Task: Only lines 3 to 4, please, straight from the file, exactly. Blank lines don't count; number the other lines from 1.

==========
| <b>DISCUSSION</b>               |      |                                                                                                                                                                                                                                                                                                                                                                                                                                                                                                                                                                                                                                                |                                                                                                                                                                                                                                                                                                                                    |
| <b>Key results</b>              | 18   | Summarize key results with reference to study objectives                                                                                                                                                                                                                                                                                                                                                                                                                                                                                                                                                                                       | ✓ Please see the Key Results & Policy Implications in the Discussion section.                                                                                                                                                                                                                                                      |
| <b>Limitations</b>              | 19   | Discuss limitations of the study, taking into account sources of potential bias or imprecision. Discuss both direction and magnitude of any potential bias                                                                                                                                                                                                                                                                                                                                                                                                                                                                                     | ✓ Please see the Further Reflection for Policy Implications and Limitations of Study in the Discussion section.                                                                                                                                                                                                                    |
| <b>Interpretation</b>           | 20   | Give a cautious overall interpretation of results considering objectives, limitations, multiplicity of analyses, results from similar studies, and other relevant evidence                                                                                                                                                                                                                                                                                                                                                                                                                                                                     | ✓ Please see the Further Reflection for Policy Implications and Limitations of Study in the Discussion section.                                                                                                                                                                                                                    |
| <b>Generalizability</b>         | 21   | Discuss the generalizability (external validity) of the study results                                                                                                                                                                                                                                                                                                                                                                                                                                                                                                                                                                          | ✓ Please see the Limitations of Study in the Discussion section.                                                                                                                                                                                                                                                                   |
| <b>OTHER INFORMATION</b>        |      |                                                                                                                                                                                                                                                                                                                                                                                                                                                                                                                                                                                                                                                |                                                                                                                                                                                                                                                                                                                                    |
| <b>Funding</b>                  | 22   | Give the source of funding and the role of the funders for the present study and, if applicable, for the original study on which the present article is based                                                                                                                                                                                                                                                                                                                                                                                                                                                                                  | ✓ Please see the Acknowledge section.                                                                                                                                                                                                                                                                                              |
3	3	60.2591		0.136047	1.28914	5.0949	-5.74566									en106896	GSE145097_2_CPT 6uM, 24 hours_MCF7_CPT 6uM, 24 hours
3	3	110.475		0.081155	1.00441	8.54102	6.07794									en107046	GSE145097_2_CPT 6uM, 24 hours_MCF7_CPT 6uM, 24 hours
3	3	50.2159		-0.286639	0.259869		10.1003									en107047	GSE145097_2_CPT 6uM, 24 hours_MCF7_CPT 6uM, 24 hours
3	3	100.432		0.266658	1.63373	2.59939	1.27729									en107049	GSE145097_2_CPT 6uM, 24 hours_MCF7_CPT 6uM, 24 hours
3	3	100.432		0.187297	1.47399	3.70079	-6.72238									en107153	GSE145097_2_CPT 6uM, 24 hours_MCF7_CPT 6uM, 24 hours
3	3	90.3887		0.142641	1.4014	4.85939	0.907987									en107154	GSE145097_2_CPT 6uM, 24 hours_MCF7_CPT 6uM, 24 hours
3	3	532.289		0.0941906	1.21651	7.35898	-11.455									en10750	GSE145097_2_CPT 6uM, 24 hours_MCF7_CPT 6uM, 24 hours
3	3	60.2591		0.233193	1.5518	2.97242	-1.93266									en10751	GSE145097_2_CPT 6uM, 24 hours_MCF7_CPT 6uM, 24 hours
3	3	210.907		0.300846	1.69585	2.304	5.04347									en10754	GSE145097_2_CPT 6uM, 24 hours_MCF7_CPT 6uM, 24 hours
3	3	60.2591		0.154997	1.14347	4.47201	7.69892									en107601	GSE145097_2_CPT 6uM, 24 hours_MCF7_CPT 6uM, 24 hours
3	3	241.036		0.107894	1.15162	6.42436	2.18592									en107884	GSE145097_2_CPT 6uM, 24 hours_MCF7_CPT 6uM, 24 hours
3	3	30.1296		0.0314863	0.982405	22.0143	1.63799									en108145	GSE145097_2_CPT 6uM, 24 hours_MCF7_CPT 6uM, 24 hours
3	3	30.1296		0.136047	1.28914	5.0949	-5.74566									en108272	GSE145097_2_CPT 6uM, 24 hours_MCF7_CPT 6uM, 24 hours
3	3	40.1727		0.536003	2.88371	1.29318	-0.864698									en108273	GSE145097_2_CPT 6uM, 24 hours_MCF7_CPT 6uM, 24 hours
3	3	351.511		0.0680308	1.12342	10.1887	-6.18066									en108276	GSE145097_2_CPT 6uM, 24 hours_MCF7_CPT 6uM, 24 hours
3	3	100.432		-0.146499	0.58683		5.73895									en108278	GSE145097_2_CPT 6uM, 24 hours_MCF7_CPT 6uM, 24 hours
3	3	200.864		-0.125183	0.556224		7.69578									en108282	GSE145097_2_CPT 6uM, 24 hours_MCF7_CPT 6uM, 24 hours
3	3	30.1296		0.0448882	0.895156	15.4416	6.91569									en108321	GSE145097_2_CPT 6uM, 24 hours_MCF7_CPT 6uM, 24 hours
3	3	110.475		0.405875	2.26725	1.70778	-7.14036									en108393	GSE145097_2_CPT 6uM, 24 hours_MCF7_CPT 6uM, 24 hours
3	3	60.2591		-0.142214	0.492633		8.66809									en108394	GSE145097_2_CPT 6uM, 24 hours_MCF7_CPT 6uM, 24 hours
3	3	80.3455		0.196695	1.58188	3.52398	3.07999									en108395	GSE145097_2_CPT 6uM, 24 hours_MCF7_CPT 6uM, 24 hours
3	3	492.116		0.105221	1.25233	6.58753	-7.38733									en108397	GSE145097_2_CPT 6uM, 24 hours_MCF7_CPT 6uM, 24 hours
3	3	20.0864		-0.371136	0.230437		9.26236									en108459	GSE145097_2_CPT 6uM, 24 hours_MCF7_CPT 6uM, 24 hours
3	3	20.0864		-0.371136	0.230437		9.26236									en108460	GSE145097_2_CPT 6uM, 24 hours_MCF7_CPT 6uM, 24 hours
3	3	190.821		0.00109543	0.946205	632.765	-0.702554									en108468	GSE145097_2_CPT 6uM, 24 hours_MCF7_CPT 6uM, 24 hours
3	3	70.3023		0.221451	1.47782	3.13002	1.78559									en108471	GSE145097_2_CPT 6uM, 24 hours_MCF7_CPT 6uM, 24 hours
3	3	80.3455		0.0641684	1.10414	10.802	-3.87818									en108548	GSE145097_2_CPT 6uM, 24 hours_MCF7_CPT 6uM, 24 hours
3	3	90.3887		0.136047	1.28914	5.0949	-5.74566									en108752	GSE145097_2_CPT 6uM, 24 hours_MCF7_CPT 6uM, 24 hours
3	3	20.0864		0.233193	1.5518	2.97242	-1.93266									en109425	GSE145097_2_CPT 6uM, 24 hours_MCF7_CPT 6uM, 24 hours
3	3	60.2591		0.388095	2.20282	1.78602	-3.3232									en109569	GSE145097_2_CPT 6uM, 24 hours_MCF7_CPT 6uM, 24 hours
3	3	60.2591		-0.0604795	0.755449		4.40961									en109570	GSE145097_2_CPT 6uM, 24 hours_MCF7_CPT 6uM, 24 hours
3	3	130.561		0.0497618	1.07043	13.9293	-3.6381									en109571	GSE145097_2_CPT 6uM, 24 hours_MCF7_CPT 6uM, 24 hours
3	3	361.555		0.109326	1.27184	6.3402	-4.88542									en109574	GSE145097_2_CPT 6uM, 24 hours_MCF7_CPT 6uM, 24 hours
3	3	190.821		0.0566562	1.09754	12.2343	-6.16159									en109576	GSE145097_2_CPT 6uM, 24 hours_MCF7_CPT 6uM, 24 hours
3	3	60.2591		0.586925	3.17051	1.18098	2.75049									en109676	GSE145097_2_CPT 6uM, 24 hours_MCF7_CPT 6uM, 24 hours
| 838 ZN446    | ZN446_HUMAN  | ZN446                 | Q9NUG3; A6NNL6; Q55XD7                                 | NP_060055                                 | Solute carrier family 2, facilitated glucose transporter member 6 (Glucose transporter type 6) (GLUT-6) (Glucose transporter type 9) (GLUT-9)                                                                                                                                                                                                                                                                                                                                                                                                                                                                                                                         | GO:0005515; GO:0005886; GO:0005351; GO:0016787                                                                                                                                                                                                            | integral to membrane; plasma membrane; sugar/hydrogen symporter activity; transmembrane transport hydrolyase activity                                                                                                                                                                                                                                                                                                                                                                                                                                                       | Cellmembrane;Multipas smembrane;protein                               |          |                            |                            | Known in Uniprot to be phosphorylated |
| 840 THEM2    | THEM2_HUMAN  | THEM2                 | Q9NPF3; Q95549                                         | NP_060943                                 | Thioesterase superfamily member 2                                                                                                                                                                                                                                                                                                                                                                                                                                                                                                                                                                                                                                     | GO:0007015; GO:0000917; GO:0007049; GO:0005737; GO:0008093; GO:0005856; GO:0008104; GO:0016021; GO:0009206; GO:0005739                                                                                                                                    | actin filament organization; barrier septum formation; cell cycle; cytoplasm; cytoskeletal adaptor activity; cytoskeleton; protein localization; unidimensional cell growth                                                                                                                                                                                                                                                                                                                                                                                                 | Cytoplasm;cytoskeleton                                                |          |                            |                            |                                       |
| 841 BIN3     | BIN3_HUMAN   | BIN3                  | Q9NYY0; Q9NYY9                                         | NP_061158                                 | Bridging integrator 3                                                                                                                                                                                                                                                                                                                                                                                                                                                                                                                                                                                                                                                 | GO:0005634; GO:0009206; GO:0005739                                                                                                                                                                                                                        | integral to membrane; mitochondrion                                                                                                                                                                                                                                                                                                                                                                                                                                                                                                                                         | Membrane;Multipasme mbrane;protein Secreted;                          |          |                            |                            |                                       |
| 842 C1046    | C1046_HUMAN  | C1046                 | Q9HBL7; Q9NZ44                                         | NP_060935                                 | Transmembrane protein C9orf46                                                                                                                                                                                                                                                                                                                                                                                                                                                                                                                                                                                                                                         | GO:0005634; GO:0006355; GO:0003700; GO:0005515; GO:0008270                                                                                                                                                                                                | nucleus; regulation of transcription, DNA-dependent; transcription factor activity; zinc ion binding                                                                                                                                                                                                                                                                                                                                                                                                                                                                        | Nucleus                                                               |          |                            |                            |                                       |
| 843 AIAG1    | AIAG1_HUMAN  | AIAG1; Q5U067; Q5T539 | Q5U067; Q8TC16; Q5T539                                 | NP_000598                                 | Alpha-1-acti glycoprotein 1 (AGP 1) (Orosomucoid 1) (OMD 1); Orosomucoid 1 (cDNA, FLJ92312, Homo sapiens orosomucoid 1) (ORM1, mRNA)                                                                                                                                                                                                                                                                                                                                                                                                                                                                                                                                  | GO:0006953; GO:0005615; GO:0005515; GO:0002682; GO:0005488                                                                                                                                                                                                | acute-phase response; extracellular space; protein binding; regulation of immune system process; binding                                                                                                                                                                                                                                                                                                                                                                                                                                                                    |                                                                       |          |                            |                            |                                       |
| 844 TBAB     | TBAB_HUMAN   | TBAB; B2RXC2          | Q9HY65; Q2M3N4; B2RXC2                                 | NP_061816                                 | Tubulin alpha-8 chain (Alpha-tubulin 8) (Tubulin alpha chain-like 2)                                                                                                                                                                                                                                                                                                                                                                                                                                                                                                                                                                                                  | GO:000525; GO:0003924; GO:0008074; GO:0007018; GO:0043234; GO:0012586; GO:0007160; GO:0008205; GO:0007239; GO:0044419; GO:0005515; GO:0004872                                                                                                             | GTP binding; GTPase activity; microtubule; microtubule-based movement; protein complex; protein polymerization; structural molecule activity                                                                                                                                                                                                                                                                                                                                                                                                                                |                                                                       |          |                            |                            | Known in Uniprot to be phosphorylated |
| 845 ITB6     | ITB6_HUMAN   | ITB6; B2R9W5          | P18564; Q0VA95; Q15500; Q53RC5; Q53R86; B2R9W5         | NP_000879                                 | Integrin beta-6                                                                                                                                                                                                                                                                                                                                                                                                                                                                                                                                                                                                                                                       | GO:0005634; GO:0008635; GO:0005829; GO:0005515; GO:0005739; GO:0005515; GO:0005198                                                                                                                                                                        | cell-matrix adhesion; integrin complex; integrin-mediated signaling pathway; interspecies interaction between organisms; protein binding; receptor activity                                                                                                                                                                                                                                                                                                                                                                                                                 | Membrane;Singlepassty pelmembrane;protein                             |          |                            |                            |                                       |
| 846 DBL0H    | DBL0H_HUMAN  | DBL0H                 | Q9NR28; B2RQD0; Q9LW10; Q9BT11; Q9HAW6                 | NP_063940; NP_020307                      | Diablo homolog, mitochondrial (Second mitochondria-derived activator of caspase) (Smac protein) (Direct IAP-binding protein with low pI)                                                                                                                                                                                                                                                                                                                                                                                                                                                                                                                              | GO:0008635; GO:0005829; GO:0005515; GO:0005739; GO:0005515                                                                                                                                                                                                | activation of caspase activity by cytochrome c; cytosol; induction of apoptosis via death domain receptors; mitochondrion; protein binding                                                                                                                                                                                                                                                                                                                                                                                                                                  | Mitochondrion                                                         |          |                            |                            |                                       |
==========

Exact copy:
| <b>Limitations</b>              | 19   | Discuss limitations of the study, taking into account sources of potential bias or imprecision. Discuss both direction and magnitude of any potential bias                                                                                                                                                                                                                                                                                                                                                                                                                                                                                     | ✓ Please see the Further Reflection for Policy Implications and Limitations of Study in the Discussion section.                                                                                                                                                                                                                    |
| <b>Interpretation</b>           | 20   | Give a cautious overall interpretation of results considering objectives, limitations, multiplicity of analyses, results from similar studies, and other relevant evidence                                                                                                                                                                                                                                                                                                                                                                                                                                                                     | ✓ Please see the Further Reflection for Policy Implications and Limitations of Study in the Discussion section.                                                                                                                                                                                                                    |